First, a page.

No matter how small we feel or how unique we believe our struggles to be or how fearful we are to expose our vulnerabilities, someone out there feels small, feels isolated, and is afraid to be themselves because no one would understand their story - a story like ours.
This is the reality of the human story writ large and is the potency of the human story writ small. Far more connects us than separates us. Someone needs to hear our story so they can own and share theirs.
This week, I went to a fundraiser for and watched a documentary called Invisible: Gay Women in Southern Music. It chronicles the stories of a surprisingly large number of wildly successful and talented gay women in mostly country music over the last several decades - women who have written countless number one songs, women brimming with vocal and musical talent, and women who have had to hide who they are to do the work they love and to share their gift with the world.
I went in to the event knowing it would be an interesting story - just the immediate dissonance that comes to my mind as a Nashville native and a “son of the South” between the idea of gay women and country music is compelling.
But, the film and the stories were so much more than I could have imagined. As I sat and listened to these women, as I laughed and cried with them and wondered at their talent and sacrifice and bravery, as I grew angry at the misogyny they have endured and the injustice that has forced their personal and career directions and taken away their individual rights and opportunities, as I heard their individual stories, each unique, I found myself deeply connecting with all of them.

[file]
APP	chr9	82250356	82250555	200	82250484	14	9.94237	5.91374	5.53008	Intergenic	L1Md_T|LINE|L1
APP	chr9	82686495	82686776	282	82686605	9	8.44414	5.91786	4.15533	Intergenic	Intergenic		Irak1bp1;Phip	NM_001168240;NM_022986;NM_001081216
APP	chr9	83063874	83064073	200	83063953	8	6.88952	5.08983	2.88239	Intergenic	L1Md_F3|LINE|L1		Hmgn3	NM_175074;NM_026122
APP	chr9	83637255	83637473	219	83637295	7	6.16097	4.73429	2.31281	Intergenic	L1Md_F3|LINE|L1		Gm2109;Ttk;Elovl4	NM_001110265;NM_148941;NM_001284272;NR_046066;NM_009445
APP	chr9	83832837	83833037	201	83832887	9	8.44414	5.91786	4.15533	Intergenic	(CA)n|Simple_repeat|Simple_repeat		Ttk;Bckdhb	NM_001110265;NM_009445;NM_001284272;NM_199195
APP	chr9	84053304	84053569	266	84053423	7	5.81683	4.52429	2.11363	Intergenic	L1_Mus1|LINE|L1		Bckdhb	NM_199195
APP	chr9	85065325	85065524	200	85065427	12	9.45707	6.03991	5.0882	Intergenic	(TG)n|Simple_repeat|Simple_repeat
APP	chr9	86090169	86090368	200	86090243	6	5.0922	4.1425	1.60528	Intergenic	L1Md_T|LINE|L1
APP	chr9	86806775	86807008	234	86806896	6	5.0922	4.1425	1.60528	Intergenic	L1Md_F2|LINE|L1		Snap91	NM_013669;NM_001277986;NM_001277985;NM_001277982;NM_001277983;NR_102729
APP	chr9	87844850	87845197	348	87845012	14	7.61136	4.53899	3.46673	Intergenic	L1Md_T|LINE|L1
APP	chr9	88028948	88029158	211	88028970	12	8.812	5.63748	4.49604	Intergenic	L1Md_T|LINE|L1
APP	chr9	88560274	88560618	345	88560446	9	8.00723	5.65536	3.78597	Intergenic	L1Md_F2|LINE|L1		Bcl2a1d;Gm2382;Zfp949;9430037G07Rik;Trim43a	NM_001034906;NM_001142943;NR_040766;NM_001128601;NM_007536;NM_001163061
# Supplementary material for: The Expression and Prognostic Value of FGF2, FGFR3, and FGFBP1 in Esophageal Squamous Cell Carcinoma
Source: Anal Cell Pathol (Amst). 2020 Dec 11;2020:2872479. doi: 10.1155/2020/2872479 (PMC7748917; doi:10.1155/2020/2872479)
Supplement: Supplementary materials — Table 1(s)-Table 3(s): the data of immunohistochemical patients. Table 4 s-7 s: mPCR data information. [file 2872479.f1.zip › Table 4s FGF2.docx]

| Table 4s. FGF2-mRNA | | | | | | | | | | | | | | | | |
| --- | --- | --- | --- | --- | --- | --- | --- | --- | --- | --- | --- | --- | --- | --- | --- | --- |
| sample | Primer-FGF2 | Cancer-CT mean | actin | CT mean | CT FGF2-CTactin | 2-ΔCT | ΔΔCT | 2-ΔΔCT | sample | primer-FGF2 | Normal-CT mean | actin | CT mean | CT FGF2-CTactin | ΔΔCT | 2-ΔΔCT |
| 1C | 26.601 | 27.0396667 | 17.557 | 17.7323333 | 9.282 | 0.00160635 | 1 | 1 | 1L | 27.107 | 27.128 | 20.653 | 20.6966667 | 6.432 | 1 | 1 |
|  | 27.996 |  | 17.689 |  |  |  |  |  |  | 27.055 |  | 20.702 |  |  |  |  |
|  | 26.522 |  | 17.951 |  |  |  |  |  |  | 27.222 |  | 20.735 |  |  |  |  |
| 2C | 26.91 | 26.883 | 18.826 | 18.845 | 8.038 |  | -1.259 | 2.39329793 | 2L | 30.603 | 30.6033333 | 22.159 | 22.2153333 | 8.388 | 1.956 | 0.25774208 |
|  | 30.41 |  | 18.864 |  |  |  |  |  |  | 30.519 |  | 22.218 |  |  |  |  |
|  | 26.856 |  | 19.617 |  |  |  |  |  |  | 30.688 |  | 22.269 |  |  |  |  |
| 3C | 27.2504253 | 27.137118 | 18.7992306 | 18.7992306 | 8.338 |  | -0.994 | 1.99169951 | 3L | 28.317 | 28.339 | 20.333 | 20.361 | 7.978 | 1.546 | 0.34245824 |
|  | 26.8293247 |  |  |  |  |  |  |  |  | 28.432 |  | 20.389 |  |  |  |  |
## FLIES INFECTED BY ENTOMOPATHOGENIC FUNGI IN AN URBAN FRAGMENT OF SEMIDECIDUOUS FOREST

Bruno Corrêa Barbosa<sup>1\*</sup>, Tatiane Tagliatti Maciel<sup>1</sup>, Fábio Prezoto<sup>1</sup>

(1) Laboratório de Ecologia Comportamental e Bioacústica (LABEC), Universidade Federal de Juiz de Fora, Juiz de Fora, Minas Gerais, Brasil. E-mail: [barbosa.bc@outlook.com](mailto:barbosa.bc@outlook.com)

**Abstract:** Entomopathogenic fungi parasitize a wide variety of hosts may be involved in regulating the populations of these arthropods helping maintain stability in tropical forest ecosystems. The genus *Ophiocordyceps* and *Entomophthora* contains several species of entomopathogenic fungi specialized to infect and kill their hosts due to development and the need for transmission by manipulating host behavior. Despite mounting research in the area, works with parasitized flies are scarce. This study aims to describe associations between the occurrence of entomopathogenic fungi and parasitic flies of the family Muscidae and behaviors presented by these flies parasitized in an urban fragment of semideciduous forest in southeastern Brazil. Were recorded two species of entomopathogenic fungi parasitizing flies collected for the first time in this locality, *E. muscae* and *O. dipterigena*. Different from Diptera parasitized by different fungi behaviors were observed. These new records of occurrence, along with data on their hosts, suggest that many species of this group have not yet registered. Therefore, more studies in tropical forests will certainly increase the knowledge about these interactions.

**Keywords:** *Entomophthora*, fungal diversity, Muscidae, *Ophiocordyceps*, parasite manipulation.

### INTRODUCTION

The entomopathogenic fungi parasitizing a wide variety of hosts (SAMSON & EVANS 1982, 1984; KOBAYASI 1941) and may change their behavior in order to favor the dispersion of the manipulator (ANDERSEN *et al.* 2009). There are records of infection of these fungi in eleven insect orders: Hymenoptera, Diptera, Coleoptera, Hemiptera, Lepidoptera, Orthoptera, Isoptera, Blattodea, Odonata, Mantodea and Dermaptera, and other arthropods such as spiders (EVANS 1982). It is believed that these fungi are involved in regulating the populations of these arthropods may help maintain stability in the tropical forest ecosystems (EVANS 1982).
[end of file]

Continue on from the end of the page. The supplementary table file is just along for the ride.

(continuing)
Let me be clear: we have seemingly nothing in common. I don’t listen to country music. I don’t play any instruments or write music. I couldn’t sing on key if I were paid. I am not gay, and I am a man.
Their stories and lives moved me because I was reminded in a very intimate way that there are people like these women, hidden in places I never even think about, right here in my home town, who have worked and lived and endured daily in ways that I will never know. Their strength, their survival, their courage, and now their sharing of their personal stories will forever forward be a light in my being. They can never again be invisible to me, and those who still feel invisible are hopefully somehow less so.
And, it’s not just about them, or me. These women who I had never heard of, never thought of, and otherwise would never have known - except for this documentary - have spent invisible lives quietly making my world a little closer to the one I actually want to live in. Most importantly to me at this stage in my life, they have made the world that much safer for my daughters to grow up in.
I am indebted to them and deeply grateful.
I can thank my friend Bill Brimm whose idea it was to encourage these artists to share their stories. But, to merely thank these women somehow doesn’t feel right. It’s not enough. It’s an embarrassment of my privilege and the relative ease with which the world has presented itself to me.
And yet, it’s also all I have.
So, let me thank them anyway - and really all of you who are reading this as well. Thank you for your story. Thank you for your art. Thank you for your willingness to share them.
Thank you for your courage and resilience.
Thank you for refusing to be invisible so that others may also see and be seen.
I hope you will consider donating to help this important film make it to a broader audience.
Please visit: https://www.outhausfilms.com/